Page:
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Penn (from Penn & Teller) asks everyone a question about larger government. http://www.youtube.com/watch?v=6my8orsJBdw
The Unincorporated Man
A brilliant industrialist named Justin Cord awakes from a 300-year cryonic suspension into a world that has accepted an extreme form of market capitalism. It's a world in which humans themselves have become incorporated and most people no longer own a majority of themselves.
Justin Cord is now the last free man in the human race - owned by no one and owning no one.
Amazon announced today that the super-sized Kindle DX ebook reader will ship on June 10. Unveiled in May, the DX attempts to correct a few perceived weaknesses of the original. In particular, many thought the first Kindle was a grand replacement for bulky novels, but its paperback-sized screen didn’t suit textbooks and magazine pages.
The DX’s bigger screen fills in that hole, but Forrester Research warns that competitors will soon “attack Amazon’s market position by launching new features, expanding content beyond books, dominating markets outside the U.S., reducing costs, and improving relationships with publishers.”
Book: What Would Google Do?
Includes video of author giving talk at Google. Includes several points that are of interest to librarians.
Book selection for May 16:
Curiosities of Literature: A Feast for Book Lovers
The End of Overeating: Taking Control of the Insatiable American Appetite
Book Calendar entry for May 6: http://bit.ly/KzKbz
Books on Trial: Red Scare in the Heartland
Calendar entry for May 5th
April 30 book on TheBookCalendar.com
Confessions of an Alien Hunter: A Scientist's Search for Extraterrestrial Intelligence
Includes video interview with author Seth Shostak.
Seth Shostak is a scientist, author, and frequent commentator on TV and radio. He writes a monthly column on SPACE.com, and often lectures on his work at SETI. He lives in Palo Alto, California.
TheBookCalendar.com has added Twitter as another way to find out the book of the day. There is a link to Twitter on the bottom of their page.
Researchers found 26 vulnerabilities in OSX in 2008, about the same as in Windows Vista (27), according to security software maker Symantec. If its market share rises enough, the Mac will become a target and attacks will succeed.
Story in the New York Times
Ever since the rise of Napster, discussions among movie and television executives have included a vow not to let happen to Hollywood what happened to the music industry. After spending a few days last week at the Cable Show in Washington, I’m starting to hear a new worst-case scenario: that Hollywood goes the way of newspapers.
“The biggest risk is so much stuff gets on the Internet for free that we turn into the newspaper business,” Stephen B. Burke, Comcast’s chief operating officer, said in an interview last week.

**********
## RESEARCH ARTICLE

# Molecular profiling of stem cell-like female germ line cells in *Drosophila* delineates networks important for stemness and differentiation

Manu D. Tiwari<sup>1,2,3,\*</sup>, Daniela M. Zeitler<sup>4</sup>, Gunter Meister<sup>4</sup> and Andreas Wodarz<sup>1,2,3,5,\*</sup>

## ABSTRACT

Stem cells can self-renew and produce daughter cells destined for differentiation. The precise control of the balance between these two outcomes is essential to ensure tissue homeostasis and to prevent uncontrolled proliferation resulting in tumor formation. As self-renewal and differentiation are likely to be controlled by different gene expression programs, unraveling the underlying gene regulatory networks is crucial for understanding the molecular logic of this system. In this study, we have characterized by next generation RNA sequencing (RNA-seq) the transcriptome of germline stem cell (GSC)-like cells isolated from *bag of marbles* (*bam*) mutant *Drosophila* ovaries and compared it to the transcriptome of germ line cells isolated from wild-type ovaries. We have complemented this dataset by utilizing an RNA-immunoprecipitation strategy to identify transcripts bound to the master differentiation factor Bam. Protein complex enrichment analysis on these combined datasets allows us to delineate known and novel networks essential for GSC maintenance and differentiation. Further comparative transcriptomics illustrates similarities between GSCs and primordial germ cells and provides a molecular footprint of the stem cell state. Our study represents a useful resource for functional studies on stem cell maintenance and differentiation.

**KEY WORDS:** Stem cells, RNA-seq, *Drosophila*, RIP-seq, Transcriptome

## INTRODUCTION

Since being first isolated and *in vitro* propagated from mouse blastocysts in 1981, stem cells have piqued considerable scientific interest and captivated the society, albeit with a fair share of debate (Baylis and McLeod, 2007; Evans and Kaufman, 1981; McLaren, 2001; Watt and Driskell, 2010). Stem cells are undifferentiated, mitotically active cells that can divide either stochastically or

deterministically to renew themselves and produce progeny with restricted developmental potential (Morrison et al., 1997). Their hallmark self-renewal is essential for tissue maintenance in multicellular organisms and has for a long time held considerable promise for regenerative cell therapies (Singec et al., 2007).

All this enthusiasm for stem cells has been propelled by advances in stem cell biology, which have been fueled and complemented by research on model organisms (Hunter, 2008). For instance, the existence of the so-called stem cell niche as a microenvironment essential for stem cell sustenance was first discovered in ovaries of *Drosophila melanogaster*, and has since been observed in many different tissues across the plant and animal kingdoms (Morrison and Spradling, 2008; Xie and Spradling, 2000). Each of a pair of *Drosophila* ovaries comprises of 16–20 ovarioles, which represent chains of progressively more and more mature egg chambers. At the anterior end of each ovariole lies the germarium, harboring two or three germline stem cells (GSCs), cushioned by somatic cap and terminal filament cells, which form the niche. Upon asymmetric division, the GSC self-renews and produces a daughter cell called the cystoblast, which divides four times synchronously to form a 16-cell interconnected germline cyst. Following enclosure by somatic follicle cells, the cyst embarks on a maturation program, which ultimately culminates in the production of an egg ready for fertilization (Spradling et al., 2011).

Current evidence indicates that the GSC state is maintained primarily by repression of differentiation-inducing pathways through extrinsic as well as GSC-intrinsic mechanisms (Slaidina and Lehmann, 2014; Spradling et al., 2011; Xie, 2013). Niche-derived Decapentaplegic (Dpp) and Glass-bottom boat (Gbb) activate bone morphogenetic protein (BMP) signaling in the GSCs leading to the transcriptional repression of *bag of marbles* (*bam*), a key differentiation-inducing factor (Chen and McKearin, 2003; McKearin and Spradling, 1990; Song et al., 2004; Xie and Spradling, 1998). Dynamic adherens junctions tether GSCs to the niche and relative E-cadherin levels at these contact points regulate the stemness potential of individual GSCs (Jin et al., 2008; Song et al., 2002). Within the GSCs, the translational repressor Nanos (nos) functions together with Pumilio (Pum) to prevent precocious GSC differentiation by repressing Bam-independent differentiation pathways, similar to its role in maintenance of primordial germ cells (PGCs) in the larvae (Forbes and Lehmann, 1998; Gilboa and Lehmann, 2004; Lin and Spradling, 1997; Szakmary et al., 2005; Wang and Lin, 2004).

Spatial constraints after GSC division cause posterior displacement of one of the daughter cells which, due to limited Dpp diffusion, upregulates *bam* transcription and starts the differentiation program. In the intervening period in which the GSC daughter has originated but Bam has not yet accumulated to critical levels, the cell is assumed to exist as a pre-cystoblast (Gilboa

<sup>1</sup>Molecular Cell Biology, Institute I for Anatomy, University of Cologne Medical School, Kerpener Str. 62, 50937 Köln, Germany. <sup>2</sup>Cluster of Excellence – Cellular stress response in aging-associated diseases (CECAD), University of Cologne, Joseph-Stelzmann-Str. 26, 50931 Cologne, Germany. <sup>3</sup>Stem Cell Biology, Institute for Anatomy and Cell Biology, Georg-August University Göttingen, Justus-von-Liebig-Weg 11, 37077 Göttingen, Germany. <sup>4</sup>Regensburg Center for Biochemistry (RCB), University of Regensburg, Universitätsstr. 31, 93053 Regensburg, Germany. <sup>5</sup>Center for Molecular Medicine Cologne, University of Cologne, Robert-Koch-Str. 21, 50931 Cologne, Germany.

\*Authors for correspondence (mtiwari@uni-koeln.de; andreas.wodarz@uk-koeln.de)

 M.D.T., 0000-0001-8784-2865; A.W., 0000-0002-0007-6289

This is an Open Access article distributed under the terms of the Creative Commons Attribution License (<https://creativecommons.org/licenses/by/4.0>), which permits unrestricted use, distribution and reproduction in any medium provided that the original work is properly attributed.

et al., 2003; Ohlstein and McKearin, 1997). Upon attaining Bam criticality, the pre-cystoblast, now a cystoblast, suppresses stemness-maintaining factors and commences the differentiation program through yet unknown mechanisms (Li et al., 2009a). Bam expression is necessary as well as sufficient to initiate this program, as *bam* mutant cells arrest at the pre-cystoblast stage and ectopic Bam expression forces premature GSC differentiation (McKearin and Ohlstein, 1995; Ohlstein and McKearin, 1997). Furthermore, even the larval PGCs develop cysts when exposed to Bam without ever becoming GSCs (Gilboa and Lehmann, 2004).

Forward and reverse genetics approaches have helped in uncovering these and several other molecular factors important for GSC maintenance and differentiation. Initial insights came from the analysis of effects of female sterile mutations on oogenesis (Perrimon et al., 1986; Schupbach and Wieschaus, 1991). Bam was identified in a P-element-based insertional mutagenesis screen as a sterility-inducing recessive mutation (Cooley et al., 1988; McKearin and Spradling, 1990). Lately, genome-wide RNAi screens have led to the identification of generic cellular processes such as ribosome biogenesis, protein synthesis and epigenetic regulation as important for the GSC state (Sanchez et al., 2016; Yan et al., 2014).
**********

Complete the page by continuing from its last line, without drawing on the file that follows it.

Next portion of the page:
Ironically, this new fear results from the partial success of Hollywood’s attempt to fight piracy. Sure, like the music labels, studios sue file traders and push for draconian copyright laws. But what is really making a difference is that they are making a good chunk of their content available digitally through services like iTunes and Hulu. This gives the early adopters an alternative to stealing shows, and it gives the studios a promise of profit from digital distribution.
Get ready for the next stage in the personal computer revolution: ultrathin and dirt cheap.
But this revolution is not just about falling prices. Personal computers — and the companies that make their crucial components — are about to go through their biggest upheaval since the rise of the laptop. By the end of the year, consumers are likely to see laptops the size of thin paperback books that can run all day on a single charge and are equipped with touch screens or slide-out keyboards.
When the Peek e-mail device was released last summer, no one thought it would succeed. The hand-held e-mail-only device charged a flat rate of $20 a month and is now selling quite briskly.
Almost all keyboards made since the early 1990s are, frankly, no good. A tiny group of writers and hackers know better. They use vintage IBM keyboards. Ugly, built like tanks, and, most importantly, with a spring under each key, and which clicks when you press it.
Full story at NPR
Infotopia: How Many Minds Produce Knowledge
Includes video of talk by author, Cass Sunstein.
If your library was thinking of buying Seinfeld - The Complete Series now is the time. The complete series is going for $99.
Jeff Bezos was on "The Daily Show" discussing the Kindle 2. Piece has several good laughs in it.
A friend of mine who is a librarian has the following line in the signature to her email. I really like the quote.
I do not believe in the collective wisdom of individual ignorance.
-- Thomas Carlyle
Wikipedia entry about Carlyle.
In an effort to change with the times, public libraries have become places where you can sip a latte, search for a job or see an art exhibit.
Next week, Corona's library will be transformed into a marketplace for the marriage-minded.
The library's first-ever wedding expo Thursday will unite 40 vendors of wedding cakes, catering, clothes and coiffures, with potential customers and the curious public.